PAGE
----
Just make sure you followed the steps in the requirements section and installed openCV and YOLOv8 libraries.


When you run the python program the first time, it will automatically download the default models for objects that YOLOv8 can recognize.  The process may take a minute or two.


Key Points To Note:



    • We cannot perform HTTP GET requests synchronously within the loop that captures and processes each frame, as it will be too slow due to the time needed to wait for each HTTP request to receive a response.  Instead, we have to run the HTTP request sending loop in another thread. Doing it this way will be less laggy for the purpose of processing the video frames.


    • Because the IP Camera’s MJPEG Video Stream buffers multiple frames, if the video viewer doesn’t fetch the frame fast enough, there will be an obvious lag to the viewed video.  Having to process each frame, the Python is definitely not able to catch up with the streamed video buffer, so using the original development version of the code, the output video exhibits an obvious delay of 5 seconds or more. Later, we figured out that the simplest way to solve this problem is by skipping multiple frames for each frame that we perform analysis on face detection processing.  In our current code, we are set up to use only 1 out every 5 frames (i.e. the VIDEO_FRAMES_TOP_SKIP variable).  You may try changing this variable to see its effect on lag and performance.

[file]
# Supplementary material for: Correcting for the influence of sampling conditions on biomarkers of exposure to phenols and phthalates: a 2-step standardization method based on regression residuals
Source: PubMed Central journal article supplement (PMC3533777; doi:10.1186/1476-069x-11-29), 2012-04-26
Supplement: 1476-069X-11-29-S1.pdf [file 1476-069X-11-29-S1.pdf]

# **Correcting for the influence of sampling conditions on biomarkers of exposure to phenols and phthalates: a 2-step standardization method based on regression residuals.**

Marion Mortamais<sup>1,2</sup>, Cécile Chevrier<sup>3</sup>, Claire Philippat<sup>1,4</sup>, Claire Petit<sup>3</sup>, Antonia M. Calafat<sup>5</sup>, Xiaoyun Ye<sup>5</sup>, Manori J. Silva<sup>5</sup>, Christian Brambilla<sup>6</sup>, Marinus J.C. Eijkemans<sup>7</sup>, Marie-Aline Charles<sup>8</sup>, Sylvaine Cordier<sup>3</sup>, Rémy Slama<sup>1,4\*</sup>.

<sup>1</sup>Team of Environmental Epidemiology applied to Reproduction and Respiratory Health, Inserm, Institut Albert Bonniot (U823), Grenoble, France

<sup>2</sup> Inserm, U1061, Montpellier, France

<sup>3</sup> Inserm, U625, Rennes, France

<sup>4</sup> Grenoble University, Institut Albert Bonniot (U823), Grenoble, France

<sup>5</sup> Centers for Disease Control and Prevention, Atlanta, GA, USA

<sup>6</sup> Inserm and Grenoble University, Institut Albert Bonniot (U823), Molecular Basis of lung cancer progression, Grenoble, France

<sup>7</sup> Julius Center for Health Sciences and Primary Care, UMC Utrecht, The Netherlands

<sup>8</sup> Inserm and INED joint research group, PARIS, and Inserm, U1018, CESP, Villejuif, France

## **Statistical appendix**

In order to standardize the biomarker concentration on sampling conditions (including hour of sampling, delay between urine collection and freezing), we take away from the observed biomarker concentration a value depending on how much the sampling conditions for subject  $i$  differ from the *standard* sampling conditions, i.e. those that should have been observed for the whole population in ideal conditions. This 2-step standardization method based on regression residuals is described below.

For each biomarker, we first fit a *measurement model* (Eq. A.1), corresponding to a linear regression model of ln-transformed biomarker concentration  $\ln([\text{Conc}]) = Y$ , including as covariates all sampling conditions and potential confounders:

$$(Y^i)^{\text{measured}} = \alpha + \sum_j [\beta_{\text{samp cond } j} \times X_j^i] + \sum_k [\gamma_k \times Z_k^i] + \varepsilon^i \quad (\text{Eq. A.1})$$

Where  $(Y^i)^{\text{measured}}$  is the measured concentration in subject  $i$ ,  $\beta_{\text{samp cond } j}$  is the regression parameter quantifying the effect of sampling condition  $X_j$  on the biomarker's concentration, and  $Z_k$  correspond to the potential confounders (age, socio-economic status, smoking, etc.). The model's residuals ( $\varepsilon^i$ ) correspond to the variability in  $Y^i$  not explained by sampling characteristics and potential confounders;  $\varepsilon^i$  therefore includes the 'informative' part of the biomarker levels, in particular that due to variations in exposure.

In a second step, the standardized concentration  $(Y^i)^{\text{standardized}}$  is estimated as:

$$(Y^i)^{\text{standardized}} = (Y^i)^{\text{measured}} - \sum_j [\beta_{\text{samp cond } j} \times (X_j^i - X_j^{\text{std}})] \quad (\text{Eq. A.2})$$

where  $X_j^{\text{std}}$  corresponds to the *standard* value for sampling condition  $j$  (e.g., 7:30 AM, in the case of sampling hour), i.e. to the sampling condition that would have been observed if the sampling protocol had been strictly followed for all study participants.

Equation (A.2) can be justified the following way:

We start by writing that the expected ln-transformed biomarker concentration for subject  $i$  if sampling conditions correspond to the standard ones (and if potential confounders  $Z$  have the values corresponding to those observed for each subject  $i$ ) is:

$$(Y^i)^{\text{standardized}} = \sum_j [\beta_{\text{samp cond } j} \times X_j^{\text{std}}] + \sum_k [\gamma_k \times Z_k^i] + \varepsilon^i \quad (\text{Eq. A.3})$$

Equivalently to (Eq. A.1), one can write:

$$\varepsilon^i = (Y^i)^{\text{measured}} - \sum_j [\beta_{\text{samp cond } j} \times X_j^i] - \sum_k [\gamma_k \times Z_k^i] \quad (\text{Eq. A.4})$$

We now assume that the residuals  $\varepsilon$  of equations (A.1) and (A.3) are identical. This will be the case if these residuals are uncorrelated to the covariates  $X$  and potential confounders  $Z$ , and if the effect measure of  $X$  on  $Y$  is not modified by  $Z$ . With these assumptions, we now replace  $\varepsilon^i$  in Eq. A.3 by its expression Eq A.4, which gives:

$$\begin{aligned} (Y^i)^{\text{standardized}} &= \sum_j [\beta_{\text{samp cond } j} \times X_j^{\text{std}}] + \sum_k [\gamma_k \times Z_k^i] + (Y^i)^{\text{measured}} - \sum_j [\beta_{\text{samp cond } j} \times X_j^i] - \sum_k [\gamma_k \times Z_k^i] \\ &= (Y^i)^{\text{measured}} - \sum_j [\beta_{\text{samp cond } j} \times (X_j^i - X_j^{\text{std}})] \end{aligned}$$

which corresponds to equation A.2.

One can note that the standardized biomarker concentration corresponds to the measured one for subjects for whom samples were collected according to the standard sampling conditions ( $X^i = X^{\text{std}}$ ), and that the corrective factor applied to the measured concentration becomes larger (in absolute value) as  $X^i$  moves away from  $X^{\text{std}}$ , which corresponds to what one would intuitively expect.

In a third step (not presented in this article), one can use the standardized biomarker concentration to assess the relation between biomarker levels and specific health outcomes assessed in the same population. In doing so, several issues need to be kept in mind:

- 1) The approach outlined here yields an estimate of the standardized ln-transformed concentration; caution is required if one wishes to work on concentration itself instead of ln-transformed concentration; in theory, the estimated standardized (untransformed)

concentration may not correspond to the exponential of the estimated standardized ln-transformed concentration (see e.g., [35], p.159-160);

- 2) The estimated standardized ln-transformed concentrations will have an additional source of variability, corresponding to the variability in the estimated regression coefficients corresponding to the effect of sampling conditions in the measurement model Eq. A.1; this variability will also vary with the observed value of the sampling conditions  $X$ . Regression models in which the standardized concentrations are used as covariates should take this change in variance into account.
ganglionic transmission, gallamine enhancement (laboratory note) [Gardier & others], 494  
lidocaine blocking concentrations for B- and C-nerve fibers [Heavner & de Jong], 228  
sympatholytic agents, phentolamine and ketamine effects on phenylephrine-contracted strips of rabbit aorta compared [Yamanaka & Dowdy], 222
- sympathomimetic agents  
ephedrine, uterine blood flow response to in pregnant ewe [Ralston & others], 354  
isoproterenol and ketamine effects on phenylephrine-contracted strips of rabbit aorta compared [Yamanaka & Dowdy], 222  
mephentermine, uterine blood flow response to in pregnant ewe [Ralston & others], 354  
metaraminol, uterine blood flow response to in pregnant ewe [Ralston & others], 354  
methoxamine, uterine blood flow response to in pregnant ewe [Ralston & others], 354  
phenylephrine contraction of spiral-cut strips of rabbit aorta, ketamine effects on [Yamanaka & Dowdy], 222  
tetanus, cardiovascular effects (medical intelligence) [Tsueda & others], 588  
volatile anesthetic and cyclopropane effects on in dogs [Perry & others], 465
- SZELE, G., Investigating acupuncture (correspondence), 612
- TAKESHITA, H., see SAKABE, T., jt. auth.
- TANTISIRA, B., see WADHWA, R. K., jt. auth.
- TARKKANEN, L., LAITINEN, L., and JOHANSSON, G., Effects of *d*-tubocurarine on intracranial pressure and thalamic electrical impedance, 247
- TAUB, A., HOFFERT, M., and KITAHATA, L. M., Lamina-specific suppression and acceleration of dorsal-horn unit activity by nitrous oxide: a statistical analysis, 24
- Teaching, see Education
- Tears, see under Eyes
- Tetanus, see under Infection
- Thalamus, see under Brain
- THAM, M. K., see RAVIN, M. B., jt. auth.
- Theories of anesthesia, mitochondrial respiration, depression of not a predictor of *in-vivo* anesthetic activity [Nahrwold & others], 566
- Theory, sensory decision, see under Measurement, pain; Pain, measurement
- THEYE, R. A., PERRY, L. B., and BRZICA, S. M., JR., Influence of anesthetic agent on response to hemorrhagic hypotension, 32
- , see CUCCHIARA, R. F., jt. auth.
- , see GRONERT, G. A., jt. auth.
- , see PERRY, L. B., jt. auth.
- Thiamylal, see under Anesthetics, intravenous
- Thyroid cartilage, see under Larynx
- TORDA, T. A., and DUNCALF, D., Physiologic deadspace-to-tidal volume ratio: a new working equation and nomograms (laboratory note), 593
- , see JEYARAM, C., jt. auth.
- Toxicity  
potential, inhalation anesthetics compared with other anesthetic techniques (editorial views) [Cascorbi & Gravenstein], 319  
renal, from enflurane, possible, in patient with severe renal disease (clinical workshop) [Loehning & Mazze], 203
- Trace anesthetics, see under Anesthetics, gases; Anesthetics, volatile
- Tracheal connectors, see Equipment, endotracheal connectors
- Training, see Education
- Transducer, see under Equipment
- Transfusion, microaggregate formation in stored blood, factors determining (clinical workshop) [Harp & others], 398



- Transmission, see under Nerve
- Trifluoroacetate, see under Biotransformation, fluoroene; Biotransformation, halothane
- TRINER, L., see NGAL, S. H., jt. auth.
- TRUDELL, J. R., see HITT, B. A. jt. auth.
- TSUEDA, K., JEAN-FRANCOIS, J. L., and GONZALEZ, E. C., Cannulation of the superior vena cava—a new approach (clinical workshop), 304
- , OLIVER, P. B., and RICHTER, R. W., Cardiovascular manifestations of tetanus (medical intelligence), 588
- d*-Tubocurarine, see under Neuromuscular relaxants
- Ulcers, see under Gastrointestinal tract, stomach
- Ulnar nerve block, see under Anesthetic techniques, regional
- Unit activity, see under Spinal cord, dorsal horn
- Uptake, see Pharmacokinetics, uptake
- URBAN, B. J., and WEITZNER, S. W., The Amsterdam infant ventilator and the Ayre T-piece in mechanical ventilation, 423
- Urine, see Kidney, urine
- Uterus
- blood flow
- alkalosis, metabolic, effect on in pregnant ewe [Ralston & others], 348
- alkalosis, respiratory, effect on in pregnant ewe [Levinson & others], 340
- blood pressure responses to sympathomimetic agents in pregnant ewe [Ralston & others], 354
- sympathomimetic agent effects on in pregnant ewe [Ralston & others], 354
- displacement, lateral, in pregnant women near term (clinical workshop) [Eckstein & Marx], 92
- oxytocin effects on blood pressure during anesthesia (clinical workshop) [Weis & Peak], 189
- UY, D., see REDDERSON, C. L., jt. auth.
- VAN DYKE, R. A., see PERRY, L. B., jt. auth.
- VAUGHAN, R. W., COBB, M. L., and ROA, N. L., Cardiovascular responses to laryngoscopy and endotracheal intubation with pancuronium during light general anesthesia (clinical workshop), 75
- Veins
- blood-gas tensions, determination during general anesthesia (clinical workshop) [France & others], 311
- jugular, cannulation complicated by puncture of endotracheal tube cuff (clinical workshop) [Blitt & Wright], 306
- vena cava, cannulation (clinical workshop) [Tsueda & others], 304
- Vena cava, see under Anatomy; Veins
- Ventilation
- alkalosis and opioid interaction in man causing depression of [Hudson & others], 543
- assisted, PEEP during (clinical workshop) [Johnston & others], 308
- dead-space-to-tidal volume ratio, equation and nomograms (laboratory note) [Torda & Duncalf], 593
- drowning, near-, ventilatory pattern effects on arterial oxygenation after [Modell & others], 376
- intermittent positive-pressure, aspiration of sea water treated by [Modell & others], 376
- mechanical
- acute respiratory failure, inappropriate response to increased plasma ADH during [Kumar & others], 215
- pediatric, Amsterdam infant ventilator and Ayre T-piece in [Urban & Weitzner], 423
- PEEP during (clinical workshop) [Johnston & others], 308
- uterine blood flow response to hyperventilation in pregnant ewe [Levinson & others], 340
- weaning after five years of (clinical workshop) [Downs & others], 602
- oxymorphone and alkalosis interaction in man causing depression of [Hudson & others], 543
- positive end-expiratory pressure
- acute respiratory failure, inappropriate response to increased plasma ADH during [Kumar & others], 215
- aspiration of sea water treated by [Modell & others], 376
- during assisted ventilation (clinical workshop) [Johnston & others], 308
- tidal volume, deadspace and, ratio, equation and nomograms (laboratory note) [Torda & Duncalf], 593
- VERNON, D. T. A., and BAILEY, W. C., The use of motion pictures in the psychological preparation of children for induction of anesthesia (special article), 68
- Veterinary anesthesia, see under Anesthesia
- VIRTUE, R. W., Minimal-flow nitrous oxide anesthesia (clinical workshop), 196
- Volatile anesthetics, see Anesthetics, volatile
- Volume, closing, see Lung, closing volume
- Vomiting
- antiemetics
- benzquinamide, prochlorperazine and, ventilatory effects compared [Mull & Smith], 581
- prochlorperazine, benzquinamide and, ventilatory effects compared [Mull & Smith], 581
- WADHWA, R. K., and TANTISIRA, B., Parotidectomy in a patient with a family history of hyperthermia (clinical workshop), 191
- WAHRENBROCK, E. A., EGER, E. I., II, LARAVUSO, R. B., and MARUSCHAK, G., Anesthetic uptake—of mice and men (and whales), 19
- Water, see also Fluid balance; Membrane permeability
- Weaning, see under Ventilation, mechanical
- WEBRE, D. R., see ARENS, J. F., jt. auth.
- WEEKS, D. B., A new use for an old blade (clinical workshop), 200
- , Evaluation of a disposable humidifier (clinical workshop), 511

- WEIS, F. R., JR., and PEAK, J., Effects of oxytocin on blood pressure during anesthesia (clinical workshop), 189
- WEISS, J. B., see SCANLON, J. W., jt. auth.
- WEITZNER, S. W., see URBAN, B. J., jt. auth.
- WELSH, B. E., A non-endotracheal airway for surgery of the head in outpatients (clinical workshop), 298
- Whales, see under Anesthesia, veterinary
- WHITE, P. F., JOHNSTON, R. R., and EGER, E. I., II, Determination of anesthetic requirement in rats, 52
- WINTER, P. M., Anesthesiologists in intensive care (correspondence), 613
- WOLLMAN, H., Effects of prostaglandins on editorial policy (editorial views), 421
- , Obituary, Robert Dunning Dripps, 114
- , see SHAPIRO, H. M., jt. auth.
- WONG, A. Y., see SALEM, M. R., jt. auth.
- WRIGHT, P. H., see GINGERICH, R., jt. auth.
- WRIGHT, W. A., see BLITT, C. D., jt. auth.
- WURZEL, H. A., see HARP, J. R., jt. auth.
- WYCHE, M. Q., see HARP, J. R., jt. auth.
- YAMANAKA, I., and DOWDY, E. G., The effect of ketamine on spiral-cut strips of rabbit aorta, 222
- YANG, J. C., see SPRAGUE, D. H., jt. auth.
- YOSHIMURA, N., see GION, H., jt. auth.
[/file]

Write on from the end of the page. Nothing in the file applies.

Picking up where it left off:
Customizing Settings for your Environment:


You should customizer these settings before you run the program:

    • VIRTUAL_ SENSOR_IP_ADDRESS –  This should be set to your QikEasy Virtual Wireless Sensor’s IP address.
    • VIDEO_URL_USERNAME – This should have the value “admin” if you have an iPhone and you haven’t changed it in the “IP Camera Lite” app.
    • VIDEO_URL_PASSWORD – This should have the value “admin” if you have an iPhone and you haven’t changed it in the “IP Camera Lite” app.
    • VIDEO_STREAM_URL – This is the URL you noted from the previous step.  If you have an iPhone, you would most likely only need to replace the IP address part of the URL.


Here’s the code:

import time
import cv2
import threading
import requests
from ultralytics import YOLO

# Constant
VIDEO_FRAMES_TO_SKIP = 10	 # the no. of frames we skip for each frame we will process


# Global variables for communication between threads
lock = threading.Lock()
obj_location = None

# Function to send an HTTP request with the location of the detected object
def send_request():
	global obj_location

	while True:
		with lock:
			x_percent = 0
			y_percent = 0
			w_percent = 0
			h_percent = 0
			if obj_location is not None:
				x_percent, y_percent, w_percent, h_percent = obj_location
			url = f"http://{VIRTUAL_SENSOR_IP_ADDRESS}/set?t=c&r={round(x_percent * 1024 / 100)}&g={round(w_percent * 1024 / 100)}&b={round(h_percent * 1024 / 100)}"
			#print(f"Sending request to {url}")
			obj_location = None

# Load the pre-trained YOLOv8 model
model = YOLO("yolov8n.pt")

# Open a video capture object
cap = cv2.VideoCapture(0)
#cap = cv2.VideoCapture(VIDEO_STREAM_URL)

# Start the secondary thread to send HTTP requests
thread = threading.Thread(target=send_request)
thread.daemon = True

frameCount = 0

while True:
	# Read a frame from the video capture
	ret, frame = cap.read()

	if not ret:

	frameCount = frameCount + 1

	if (frameCount % VIDEO_FRAMES_TO_SKIP) != 0:
		#print( f"{frameCount} Skip" )

	(h,w) = frame.shape[:2]

	frameCount = 0

	# Flip the image so that it will display as a mirror image
	flipped_frame = cv2.flip(frame, 1)	 

	# Perform object detection
	results = model.predict(flipped_frame)